So... that's what not to do, I guess.  When I started writing this post, I was going to talk about something else.  I've watched a few episodes of The Clone Wars season 2 recently, and I've also been watching Youtube videos of The Old Republic stories (the dialogue sections, at least, which tell the story—the action and travel scenes are largely snipped out).  It's interesting to me that season 2 is the one where they overtly said, "Let's see what kinds of stories we can stick into space."  There's a zombie story ("Legacy of Terror"), there's infantry war stories ("The Landing at Point Rain"), there's murder mysteries ("Senate Murder"), there's a classic WW2 submarine story ("Cat and Mouse") there's a remake of The Seven Samurai ("Bounty Hunters") there's Godzilla in space ("The Zillo Beast", "The Zillo Beast Strikes Back"), etc.  Watching the agent storyline from The Old Republic also highlights that you can even do James Bond in Star Wars.  In fact, that's one of the greatest strengths of Star Wars as a setting; you can do anything in it.  There are even train robbery heists, and other stories of the Old West that are adapted to the setting in some other episodes—it's such a malleable setting that pretty much any kind of adventure story can be told therein.

But Season 2 also highlights one of the really, really irksome elements of Star Wars sometimes, in particular because four episodes in a row feature it as a major element.  Pacifist, r-strategy "hoping that conflict will go away because I don't like it" stories are just really, really dumb.  This is especially true in a setting of pulpish adventure stories that are supposedly about heroes, not cowards and not morons.  There is no way at all that you can write a convincing story in which Duchess Satine's pacifism is a "strength" in the face of Death Watch and Separatist aggression as anything but nonsense.  In the very next episode, Padme leads the charge to block a bill funding the creation of more clones, because "more troops don't win wars, diplomacy does."  Uh... what?  There are echoes of this all through the series here and there, although rarely so overt as in these four episodes.  Even Mace Dindu in "The Zillo Beast" suddenly gets on a moral high horse when the dugs want to kill the Zillo beast to protect their planet and their civilization—"you can't do that, it's a unique creature!"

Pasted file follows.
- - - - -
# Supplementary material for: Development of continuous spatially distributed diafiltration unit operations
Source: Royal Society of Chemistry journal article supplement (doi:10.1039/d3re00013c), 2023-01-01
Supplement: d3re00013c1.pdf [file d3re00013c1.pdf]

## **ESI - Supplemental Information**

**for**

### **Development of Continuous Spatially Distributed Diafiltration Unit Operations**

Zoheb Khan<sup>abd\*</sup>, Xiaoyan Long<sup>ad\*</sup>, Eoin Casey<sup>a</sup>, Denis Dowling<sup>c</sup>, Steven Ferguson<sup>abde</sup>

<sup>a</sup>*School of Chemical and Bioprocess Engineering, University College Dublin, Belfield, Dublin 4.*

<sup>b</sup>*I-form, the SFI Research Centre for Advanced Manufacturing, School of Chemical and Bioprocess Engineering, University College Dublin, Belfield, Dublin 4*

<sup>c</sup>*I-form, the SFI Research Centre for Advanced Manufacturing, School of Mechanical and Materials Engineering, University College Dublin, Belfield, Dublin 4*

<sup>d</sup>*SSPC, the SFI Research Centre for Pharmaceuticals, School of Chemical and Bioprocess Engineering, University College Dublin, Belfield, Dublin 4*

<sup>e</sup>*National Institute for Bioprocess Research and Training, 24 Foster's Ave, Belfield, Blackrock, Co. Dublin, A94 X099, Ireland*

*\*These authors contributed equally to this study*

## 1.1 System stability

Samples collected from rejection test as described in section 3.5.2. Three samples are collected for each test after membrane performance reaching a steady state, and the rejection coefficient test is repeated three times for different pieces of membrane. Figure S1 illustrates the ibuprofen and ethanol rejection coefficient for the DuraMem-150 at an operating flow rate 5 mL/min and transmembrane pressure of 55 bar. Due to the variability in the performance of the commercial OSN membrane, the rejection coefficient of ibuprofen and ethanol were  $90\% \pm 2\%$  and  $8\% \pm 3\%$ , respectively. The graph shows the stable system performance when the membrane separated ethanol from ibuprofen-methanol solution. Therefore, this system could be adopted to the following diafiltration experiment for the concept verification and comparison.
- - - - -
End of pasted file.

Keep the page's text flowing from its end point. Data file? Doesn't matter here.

A big part of the problem with this kind of thinking is that you'll usually find that without much exception, not only is the idea too stupid to be taken seriously, but that the characters who profess it are so insufferable, arrogant, smug, self-righteous, irritating and unlikable that they almost succeed in completely sinking the work in which they appear.  Now; I know that appeasement is a real thing (although Neville Chamberlain gets a bad rap—FDR was the real appeaser.  And Stalin, not Hitler, was the even worse evil dictator that he appeased.  Also; read the cucks at NRO or any other liberal talking about Islam) as is r-strategist thinking.  But unless the point is to show how idiotically wrong that point of view is and have those that profess it get very satisfying comeuppance for their stupidity, avoid it like the plague.  And even then, don't do very much of that.  And then, if they do get their comeuppance, don't treat it like the audience is supposed to be sad and see it as a tragedy, as they did with Satine and Padme.

To me, this is the biggest disconnect I have with some of the Clone Wars material—it just fails magnificently because an r-strategist trying to write exciting K-strategist fiction is way too out of her depth.  (Normally, I despise the SJW attempt to use pronouns other than masculine for generic, because in proper English grammar, the masculine pronouns are also the generic pronouns.  So, if I used feminine pronouns there, it was on purpose.)  The Old Republic is even worse with SJWisms—the "evil" Dark Side choices are just being an annoying dick, not evil.  Half the quests are insanely stupid: "if you find my dead husband's heirloom on his body while you're out there in the jungle a few hundred yards away from the city gate, bring it back because I'm sad" and crap like that.

And that's what you should avoid like the plague in your pulpy adventure story.  If you don't understand heroism, or good and evil, then you aren't in a position to write it.

As a curious aside, I never noticed before, but in the Mandalore episodes, they make reference to another planet in the Mandalore sphere of influence called Kalevala, supposed homeworld of Satine and place where one of the other Mandalorian senator, Tal Merrik, was from.  This explains things somewhat—the Mandalorians are space Finns!